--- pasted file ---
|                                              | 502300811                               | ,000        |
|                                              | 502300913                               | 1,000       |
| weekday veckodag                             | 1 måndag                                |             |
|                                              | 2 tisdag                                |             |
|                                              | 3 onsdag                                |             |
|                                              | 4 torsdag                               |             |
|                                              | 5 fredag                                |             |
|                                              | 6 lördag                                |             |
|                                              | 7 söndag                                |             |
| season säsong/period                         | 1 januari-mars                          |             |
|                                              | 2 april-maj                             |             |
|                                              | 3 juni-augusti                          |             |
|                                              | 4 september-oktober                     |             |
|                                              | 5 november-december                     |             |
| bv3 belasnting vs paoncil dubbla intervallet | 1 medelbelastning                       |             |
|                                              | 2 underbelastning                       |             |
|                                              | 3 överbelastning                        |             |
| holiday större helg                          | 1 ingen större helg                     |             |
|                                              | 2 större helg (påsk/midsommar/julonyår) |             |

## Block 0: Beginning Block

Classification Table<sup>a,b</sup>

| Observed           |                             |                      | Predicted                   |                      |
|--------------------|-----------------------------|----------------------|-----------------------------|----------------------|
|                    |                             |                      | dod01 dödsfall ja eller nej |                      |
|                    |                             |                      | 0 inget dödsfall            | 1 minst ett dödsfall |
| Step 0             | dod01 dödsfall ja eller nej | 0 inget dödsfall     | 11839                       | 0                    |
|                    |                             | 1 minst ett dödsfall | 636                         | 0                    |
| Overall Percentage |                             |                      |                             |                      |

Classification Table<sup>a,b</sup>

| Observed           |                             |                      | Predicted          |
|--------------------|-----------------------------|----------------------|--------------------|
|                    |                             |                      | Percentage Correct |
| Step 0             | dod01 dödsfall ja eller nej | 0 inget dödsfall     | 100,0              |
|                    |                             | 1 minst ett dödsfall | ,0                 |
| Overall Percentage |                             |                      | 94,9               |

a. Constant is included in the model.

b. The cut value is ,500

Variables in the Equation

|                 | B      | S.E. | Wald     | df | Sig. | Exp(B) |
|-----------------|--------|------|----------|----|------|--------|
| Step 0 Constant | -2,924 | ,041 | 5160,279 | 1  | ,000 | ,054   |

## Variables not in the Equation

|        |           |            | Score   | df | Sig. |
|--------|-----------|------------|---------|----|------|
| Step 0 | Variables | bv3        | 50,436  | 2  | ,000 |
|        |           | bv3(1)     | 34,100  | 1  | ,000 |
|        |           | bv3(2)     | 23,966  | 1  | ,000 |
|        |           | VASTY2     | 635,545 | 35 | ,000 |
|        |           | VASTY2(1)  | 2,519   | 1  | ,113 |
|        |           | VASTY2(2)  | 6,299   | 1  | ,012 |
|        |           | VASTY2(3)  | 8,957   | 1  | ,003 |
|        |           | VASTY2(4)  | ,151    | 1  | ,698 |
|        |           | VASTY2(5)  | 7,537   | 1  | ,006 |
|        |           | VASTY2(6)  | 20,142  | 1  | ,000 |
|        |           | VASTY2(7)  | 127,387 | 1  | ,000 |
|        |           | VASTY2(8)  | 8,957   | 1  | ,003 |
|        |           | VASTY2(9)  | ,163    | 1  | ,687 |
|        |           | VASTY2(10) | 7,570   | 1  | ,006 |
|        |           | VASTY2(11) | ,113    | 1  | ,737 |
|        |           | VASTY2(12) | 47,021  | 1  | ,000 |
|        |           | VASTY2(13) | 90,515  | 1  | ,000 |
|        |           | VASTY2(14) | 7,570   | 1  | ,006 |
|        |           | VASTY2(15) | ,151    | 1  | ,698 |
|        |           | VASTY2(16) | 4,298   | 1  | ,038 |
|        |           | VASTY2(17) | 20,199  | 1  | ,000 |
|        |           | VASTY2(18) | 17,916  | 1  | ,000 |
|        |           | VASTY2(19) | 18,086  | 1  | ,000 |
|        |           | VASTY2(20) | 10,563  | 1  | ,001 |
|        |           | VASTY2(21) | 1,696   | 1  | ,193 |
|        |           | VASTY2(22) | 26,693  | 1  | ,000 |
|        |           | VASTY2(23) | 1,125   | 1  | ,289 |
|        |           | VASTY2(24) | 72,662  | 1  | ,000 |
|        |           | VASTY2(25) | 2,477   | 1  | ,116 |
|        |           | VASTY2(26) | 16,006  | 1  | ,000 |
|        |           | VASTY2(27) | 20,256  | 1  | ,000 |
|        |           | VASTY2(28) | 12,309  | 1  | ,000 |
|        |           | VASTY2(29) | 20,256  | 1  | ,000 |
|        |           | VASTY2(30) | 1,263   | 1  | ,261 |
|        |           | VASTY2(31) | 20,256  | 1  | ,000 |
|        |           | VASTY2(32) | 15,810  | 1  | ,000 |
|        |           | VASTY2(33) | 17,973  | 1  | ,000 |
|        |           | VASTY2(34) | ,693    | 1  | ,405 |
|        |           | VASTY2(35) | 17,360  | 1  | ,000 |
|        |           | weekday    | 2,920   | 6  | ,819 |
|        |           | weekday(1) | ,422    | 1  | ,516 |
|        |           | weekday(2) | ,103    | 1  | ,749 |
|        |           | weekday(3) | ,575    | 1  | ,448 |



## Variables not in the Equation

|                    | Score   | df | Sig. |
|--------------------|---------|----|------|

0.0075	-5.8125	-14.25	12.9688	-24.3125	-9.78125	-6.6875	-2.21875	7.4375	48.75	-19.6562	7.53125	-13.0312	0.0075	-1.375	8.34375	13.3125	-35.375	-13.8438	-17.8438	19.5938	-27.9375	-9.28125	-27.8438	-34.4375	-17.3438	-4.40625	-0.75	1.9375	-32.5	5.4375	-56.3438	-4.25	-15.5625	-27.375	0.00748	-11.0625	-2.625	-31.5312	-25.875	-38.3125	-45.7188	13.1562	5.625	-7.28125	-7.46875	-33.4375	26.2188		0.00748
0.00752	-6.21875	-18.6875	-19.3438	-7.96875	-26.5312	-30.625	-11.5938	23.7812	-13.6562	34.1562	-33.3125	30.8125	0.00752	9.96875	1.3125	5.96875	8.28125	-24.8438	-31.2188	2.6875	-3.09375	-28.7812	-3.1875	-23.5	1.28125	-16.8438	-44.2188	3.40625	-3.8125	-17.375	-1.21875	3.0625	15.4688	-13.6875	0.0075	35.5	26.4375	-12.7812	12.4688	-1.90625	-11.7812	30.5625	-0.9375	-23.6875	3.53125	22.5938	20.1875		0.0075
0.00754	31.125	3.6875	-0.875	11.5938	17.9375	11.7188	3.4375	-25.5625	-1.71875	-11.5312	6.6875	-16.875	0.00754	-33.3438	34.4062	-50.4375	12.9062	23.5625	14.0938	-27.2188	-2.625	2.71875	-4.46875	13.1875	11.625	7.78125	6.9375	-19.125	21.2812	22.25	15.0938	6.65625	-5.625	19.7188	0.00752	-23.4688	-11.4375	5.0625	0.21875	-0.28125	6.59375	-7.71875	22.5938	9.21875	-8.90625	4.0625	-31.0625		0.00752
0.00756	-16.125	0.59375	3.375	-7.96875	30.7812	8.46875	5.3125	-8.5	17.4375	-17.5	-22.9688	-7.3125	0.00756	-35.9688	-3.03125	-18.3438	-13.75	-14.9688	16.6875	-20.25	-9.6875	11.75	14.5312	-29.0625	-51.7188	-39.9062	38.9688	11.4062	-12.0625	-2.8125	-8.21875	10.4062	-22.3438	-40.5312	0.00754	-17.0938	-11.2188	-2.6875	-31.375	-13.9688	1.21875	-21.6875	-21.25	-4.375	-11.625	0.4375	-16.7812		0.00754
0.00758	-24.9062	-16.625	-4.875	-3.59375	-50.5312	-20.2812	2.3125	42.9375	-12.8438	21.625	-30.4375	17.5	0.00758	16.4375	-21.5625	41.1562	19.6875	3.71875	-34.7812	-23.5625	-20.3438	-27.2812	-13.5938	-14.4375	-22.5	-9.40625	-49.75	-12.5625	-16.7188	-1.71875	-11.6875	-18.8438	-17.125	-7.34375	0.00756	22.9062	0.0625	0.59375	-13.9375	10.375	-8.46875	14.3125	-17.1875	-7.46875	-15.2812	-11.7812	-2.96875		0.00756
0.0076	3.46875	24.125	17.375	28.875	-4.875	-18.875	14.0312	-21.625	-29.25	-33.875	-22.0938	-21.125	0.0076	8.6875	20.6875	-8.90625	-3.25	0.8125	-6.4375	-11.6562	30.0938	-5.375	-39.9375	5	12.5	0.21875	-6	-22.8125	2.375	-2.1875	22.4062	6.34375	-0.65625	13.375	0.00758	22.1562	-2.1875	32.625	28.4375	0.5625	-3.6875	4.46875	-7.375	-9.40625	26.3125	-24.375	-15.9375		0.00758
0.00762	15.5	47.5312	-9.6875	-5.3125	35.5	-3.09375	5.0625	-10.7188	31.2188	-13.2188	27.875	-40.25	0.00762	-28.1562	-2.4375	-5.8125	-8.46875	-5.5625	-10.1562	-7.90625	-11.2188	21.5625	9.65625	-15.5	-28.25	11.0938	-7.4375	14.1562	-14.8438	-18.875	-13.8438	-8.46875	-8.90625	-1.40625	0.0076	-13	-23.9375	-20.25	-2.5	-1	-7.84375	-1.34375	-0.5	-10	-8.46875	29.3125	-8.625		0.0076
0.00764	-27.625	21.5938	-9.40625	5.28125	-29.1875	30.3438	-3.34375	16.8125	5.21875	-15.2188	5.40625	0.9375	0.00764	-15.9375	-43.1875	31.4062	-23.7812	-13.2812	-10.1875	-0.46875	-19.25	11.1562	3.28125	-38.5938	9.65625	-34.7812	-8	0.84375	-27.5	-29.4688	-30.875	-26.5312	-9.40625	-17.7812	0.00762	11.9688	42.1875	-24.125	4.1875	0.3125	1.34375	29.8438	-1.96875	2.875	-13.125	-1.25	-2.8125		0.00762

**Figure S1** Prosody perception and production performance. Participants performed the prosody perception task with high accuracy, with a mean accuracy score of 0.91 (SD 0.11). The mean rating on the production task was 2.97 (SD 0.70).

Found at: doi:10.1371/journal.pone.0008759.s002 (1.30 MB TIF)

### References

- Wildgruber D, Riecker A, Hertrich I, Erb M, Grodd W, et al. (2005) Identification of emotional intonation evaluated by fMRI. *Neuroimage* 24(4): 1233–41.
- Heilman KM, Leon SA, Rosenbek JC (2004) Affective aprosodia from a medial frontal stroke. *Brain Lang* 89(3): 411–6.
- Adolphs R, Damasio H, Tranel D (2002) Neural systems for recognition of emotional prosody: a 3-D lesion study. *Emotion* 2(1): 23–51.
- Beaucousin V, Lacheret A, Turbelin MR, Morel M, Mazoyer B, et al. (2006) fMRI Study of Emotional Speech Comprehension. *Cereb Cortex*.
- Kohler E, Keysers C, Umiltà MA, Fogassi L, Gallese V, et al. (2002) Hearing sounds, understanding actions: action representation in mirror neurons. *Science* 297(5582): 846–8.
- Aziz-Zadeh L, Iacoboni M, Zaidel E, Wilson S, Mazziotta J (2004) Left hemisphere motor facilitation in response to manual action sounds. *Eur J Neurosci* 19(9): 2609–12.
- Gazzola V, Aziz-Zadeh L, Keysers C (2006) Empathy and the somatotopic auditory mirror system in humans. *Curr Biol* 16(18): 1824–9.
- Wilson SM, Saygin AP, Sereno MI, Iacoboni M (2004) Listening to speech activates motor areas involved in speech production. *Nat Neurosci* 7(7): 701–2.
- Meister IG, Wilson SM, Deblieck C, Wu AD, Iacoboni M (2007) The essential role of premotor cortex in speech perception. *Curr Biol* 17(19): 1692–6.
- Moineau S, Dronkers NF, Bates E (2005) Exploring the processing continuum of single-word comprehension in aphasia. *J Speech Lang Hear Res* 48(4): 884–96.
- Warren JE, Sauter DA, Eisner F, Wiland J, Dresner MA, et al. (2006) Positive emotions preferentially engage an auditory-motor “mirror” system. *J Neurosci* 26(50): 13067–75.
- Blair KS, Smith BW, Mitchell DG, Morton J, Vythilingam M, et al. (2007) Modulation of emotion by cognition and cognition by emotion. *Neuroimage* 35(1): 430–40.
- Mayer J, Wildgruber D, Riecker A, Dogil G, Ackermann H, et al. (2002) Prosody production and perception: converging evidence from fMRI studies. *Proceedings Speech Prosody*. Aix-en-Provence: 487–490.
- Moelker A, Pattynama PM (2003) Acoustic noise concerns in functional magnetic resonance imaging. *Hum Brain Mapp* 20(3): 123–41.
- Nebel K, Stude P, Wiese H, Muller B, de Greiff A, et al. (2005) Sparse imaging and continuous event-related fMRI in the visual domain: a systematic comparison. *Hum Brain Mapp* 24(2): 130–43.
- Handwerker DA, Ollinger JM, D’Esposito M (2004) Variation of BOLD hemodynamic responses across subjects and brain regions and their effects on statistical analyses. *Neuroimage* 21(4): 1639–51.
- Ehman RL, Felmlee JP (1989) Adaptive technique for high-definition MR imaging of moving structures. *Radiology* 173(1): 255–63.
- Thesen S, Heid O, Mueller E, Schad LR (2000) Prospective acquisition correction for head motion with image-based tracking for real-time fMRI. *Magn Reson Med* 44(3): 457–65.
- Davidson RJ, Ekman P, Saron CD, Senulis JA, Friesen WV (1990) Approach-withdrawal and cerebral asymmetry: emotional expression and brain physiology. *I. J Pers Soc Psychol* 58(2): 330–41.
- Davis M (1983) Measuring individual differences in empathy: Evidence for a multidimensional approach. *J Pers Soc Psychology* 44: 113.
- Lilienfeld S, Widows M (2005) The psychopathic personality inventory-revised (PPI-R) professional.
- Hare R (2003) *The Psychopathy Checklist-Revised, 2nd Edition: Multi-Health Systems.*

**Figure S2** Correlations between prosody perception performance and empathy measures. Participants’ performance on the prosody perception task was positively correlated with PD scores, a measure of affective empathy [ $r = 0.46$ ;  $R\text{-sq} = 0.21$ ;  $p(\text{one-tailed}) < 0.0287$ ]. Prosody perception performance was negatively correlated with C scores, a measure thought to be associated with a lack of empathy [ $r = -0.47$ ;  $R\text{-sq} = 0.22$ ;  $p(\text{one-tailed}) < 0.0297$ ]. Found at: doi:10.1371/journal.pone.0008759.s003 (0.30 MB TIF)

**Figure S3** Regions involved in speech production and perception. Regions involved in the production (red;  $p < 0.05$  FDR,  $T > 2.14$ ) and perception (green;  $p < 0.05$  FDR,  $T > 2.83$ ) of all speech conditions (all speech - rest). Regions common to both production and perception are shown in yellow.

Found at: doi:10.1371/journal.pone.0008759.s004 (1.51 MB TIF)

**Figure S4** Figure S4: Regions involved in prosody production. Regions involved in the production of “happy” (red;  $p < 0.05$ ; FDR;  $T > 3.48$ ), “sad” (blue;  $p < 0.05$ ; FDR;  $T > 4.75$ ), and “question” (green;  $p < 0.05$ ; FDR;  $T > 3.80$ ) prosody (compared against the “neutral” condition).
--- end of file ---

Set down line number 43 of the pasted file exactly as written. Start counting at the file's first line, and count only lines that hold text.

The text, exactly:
|        |           |            | Score   | df | Sig. |